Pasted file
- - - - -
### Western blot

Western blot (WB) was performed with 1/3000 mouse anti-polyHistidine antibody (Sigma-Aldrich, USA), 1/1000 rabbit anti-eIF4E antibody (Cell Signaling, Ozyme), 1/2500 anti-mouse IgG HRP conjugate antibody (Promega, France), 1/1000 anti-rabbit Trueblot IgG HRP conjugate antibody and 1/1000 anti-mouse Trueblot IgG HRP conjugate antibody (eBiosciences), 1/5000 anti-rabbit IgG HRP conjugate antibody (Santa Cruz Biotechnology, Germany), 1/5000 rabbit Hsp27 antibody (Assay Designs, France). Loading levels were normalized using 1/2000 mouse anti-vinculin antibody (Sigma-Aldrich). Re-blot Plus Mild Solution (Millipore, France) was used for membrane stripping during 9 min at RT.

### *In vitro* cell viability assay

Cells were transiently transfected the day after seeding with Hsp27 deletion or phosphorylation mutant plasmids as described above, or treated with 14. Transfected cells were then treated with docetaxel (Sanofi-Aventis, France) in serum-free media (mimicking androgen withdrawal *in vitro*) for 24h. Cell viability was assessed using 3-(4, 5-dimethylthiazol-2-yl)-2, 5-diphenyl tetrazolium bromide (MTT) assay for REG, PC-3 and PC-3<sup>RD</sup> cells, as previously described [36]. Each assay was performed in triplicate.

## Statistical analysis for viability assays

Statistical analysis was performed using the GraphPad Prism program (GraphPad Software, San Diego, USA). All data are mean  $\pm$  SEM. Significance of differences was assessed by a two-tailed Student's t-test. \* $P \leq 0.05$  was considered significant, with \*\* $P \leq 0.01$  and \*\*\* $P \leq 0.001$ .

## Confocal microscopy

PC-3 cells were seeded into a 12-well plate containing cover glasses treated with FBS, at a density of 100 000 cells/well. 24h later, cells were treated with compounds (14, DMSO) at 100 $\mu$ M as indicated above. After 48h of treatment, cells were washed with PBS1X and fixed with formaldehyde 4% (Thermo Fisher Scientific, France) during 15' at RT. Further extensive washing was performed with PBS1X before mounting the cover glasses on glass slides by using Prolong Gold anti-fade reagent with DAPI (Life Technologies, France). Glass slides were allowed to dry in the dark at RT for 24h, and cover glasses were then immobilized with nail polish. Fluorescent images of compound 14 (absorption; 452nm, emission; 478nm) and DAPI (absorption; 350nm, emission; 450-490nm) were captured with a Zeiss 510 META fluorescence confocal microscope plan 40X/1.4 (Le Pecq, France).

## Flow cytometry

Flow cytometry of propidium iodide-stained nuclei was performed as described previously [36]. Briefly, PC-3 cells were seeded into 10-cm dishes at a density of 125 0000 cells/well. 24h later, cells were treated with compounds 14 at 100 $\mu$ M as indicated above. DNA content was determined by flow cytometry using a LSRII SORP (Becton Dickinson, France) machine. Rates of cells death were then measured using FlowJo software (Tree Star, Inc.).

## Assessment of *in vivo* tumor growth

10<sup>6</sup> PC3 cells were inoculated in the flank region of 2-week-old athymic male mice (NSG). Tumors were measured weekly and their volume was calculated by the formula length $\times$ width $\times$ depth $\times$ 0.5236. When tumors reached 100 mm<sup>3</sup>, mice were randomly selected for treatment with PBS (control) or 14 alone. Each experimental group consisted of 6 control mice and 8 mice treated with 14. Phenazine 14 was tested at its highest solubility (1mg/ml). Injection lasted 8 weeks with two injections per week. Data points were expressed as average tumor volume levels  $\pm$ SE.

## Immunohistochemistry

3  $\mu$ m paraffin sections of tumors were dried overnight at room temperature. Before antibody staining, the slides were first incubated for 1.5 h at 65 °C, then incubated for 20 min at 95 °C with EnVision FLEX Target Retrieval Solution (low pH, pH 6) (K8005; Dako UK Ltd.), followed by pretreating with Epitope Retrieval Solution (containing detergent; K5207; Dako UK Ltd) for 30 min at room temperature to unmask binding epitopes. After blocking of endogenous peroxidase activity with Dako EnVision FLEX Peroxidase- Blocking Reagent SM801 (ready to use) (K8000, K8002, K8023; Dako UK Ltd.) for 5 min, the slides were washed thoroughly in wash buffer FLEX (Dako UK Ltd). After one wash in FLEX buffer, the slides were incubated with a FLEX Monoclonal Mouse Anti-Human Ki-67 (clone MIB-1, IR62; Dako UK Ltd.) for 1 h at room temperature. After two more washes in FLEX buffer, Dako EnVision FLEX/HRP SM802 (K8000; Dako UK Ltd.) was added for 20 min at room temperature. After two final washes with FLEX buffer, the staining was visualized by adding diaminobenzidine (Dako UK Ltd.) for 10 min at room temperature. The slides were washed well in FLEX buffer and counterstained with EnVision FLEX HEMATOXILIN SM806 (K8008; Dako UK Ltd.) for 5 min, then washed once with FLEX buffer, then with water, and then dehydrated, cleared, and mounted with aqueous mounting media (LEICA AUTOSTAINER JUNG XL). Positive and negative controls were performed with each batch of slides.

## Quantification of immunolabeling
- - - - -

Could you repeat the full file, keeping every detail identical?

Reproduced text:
### Western blot

Western blot (WB) was performed with 1/3000 mouse anti-polyHistidine antibody (Sigma-Aldrich, USA), 1/1000 rabbit anti-eIF4E antibody (Cell Signaling, Ozyme), 1/2500 anti-mouse IgG HRP conjugate antibody (Promega, France), 1/1000 anti-rabbit Trueblot IgG HRP conjugate antibody and 1/1000 anti-mouse Trueblot IgG HRP conjugate antibody (eBiosciences), 1/5000 anti-rabbit IgG HRP conjugate antibody (Santa Cruz Biotechnology, Germany), 1/5000 rabbit Hsp27 antibody (Assay Designs, France). Loading levels were normalized using 1/2000 mouse anti-vinculin antibody (Sigma-Aldrich). Re-blot Plus Mild Solution (Millipore, France) was used for membrane stripping during 9 min at RT.

### *In vitro* cell viability assay

Cells were transiently transfected the day after seeding with Hsp27 deletion or phosphorylation mutant plasmids as described above, or treated with 14. Transfected cells were then treated with docetaxel (Sanofi-Aventis, France) in serum-free media (mimicking androgen withdrawal *in vitro*) for 24h. Cell viability was assessed using 3-(4, 5-dimethylthiazol-2-yl)-2, 5-diphenyl tetrazolium bromide (MTT) assay for REG, PC-3 and PC-3<sup>RD</sup> cells, as previously described [36]. Each assay was performed in triplicate.

## Statistical analysis for viability assays

Statistical analysis was performed using the GraphPad Prism program (GraphPad Software, San Diego, USA). All data are mean  $\pm$  SEM. Significance of differences was assessed by a two-tailed Student's t-test. \* $P \leq 0.05$  was considered significant, with \*\* $P \leq 0.01$  and \*\*\* $P \leq 0.001$ .

## Confocal microscopy

PC-3 cells were seeded into a 12-well plate containing cover glasses treated with FBS, at a density of 100 000 cells/well. 24h later, cells were treated with compounds (14, DMSO) at 100 $\mu$ M as indicated above. After 48h of treatment, cells were washed with PBS1X and fixed with formaldehyde 4% (Thermo Fisher Scientific, France) during 15' at RT. Further extensive washing was performed with PBS1X before mounting the cover glasses on glass slides by using Prolong Gold anti-fade reagent with DAPI (Life Technologies, France). Glass slides were allowed to dry in the dark at RT for 24h, and cover glasses were then immobilized with nail polish. Fluorescent images of compound 14 (absorption; 452nm, emission; 478nm) and DAPI (absorption; 350nm, emission; 450-490nm) were captured with a Zeiss 510 META fluorescence confocal microscope plan 40X/1.4 (Le Pecq, France).

## Flow cytometry

Flow cytometry of propidium iodide-stained nuclei was performed as described previously [36]. Briefly, PC-3 cells were seeded into 10-cm dishes at a density of 125 0000 cells/well. 24h later, cells were treated with compounds 14 at 100 $\mu$ M as indicated above. DNA content was determined by flow cytometry using a LSRII SORP (Becton Dickinson, France) machine. Rates of cells death were then measured using FlowJo software (Tree Star, Inc.).

## Assessment of *in vivo* tumor growth

10<sup>6</sup> PC3 cells were inoculated in the flank region of 2-week-old athymic male mice (NSG). Tumors were measured weekly and their volume was calculated by the formula length $\times$ width $\times$ depth $\times$ 0.5236. When tumors reached 100 mm<sup>3</sup>, mice were randomly selected for treatment with PBS (control) or 14 alone. Each experimental group consisted of 6 control mice and 8 mice treated with 14. Phenazine 14 was tested at its highest solubility (1mg/ml). Injection lasted 8 weeks with two injections per week. Data points were expressed as average tumor volume levels  $\pm$ SE.

## Immunohistochemistry

3  $\mu$ m paraffin sections of tumors were dried overnight at room temperature. Before antibody staining, the slides were first incubated for 1.5 h at 65 °C, then incubated for 20 min at 95 °C with EnVision FLEX Target Retrieval Solution (low pH, pH 6) (K8005; Dako UK Ltd.), followed by pretreating with Epitope Retrieval Solution (containing detergent; K5207; Dako UK Ltd) for 30 min at room temperature to unmask binding epitopes. After blocking of endogenous peroxidase activity with Dako EnVision FLEX Peroxidase- Blocking Reagent SM801 (ready to use) (K8000, K8002, K8023; Dako UK Ltd.) for 5 min, the slides were washed thoroughly in wash buffer FLEX (Dako UK Ltd). After one wash in FLEX buffer, the slides were incubated with a FLEX Monoclonal Mouse Anti-Human Ki-67 (clone MIB-1, IR62; Dako UK Ltd.) for 1 h at room temperature. After two more washes in FLEX buffer, Dako EnVision FLEX/HRP SM802 (K8000; Dako UK Ltd.) was added for 20 min at room temperature. After two final washes with FLEX buffer, the staining was visualized by adding diaminobenzidine (Dako UK Ltd.) for 10 min at room temperature. The slides were washed well in FLEX buffer and counterstained with EnVision FLEX HEMATOXILIN SM806 (K8008; Dako UK Ltd.) for 5 min, then washed once with FLEX buffer, then with water, and then dehydrated, cleared, and mounted with aqueous mounting media (LEICA AUTOSTAINER JUNG XL). Positive and negative controls were performed with each batch of slides.

## Quantification of immunolabeling